Higher Education

On the Market IV: Paying for the Privilege

There are lots of articles out there about the hardships endured by early-career scholars, particularly those trapped in the precarious employment of the adjunct system. A shiny new PhD all too often amounts to little more than a ticket to several years of un(der)-employment, migrant work on the VAP* and post-doc circuit, and, more often than not, the burden of repaying the student loans that come due the moment one crosses the convocation stage in those snazzy rented robes.

Finishing the PhD is an important landmark, and one that many students rightly look forward to during the preceding years of hard work. Unfortunately, the end of student status also means the end of institutional support just at the time most young scholars will need it most: during the years-long academic job hunt.

Institutional support is not only an economic issue, although it is that, too. Any funding a PhD student might have been lucky enough to have during their degree will be gone. Furthermore, they will find themselves ineligible for the kinds of academic employment often reserved for graduate students, such as teaching assistantships, research assistantships, and even lecturer positions.

The end of student status also means the end of institutional travel funding for those who were lucky enough to have it, just at the time when attendance and participation at academic conferences is more important than ever.

And speaking of research:

Those seeking to cease their wanderings in the post-degree desert and cross over into the promised land of tenure are, of course, expected to continue producing and publishing high-quality research–even as their former institutions have taken away their library privileges and, therefore, their access to paywalled online resources and the indispensable services of inter-library loan.

All this is bad enough even without considering other, discipline-specific problems such as access to lab space or specialized equipment.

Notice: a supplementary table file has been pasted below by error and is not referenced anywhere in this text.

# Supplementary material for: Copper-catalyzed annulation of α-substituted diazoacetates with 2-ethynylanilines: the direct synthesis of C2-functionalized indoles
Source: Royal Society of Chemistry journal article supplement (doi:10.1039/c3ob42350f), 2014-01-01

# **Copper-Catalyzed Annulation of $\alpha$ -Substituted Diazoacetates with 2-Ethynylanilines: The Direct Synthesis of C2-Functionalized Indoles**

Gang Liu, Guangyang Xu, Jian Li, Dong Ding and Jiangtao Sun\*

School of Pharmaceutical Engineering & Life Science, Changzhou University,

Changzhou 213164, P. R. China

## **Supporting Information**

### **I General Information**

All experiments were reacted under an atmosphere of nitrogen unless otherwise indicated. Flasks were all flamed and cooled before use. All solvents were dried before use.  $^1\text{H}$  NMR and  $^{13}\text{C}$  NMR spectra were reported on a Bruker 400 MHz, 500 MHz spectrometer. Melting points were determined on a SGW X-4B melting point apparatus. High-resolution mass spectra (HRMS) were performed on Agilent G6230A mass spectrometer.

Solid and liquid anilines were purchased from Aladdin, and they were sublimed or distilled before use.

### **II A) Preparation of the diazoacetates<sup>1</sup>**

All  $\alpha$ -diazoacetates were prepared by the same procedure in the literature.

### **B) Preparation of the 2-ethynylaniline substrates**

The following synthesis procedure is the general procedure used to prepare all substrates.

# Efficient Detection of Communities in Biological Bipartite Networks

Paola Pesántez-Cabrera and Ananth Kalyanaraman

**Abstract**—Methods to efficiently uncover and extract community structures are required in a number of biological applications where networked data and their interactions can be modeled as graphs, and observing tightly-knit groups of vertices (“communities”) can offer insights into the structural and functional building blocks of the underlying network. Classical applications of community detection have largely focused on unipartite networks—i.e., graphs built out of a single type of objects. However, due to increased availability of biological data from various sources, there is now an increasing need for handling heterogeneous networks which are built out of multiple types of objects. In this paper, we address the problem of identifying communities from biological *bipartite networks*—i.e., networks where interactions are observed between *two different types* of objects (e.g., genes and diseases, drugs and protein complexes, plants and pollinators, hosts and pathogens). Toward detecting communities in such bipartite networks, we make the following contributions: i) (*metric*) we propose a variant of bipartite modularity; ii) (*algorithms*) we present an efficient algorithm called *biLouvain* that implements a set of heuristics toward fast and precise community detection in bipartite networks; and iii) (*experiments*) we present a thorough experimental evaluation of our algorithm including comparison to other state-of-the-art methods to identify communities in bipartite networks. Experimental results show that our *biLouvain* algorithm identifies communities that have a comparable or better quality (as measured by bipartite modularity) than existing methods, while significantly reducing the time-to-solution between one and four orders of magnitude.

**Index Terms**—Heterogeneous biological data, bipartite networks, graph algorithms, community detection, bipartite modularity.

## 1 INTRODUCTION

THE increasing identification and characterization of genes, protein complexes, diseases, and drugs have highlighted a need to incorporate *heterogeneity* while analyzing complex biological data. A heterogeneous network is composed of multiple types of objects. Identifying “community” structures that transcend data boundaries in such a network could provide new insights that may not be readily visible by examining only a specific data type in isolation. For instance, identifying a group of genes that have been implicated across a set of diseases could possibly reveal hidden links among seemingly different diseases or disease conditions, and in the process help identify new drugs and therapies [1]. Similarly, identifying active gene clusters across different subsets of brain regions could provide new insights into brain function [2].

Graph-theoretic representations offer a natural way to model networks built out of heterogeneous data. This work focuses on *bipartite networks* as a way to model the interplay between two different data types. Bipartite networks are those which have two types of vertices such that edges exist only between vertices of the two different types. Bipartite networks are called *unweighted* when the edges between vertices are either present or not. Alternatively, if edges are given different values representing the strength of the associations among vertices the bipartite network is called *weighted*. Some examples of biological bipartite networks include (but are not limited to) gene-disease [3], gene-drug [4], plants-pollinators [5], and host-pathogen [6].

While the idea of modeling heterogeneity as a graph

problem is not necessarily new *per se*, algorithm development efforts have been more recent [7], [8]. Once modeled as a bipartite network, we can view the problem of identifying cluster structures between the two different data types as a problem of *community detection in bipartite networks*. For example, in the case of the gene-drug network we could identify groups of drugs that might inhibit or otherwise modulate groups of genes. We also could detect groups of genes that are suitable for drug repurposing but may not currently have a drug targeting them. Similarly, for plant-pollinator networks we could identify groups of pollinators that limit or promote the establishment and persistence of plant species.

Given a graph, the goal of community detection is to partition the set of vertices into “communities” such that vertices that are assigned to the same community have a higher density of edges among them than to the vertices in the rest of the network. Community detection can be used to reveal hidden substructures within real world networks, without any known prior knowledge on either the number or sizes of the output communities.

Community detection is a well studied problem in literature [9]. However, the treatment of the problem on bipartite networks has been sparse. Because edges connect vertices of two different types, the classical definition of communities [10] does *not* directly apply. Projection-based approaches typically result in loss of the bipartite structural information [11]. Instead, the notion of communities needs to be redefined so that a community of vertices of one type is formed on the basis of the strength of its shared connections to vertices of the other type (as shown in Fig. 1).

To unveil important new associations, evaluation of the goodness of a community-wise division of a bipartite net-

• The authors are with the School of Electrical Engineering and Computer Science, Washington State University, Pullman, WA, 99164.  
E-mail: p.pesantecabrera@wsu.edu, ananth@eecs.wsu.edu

Granted, this is not a problem that is easily addressed. At the same time, however, it seems manifestly unjust that the current system essentially forces many new PhDs not only to work for free, but to pay for the very privilege.

Assuming that it is in institutions’ best interests for their recent graduates to remain competitive on the job market, it seems to me that the least they could do to further this goal is to ensure their continued access to certain resources in the years following graduation. One low-cost solution would be to provide new PhDs who do not immediately find post-docs or other academic employment with non-stipendiary research fellowships that come with library privileges. This would, at the very least, enable many to continue working on their research even if they must support themselves with work outside the academy.

A more expensive–but equally welcome–measure would be to provide travel grants earmarked specifically for recent graduates who lack other institutional affiliation. This would serve the dual purpose of bolstering the institution’s presence at important conferences while also improving their graduates’ prospects of employment.

In the meantime, hiring committees would do well to recognize the economic and institutional forces at play in the lives of early-career scholars and take this into account when evaluating candidates. The practice of conducting preliminary interviews at large disciplinary conferences seems especially liable to exclude candidates who find themselves unable to travel or to shoulder the associated expenses merely for the chance of interviewing for an open position. And while it’s unrealistic to expect committees to ignore the drops in research productivity that might accompany full-time adjunct work or other employment outside the academy, it might be worth keeping these realities in mind before tossing a candidate’s CV on the reject pile.

And now, if you’ll excuse me, I need to get back to work. Let’s hope I get paid for it one day.

 

*Visiting Assistant Professor: usually a year-long leave replacement for tenured faculty on leave.

 

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Dan

Dan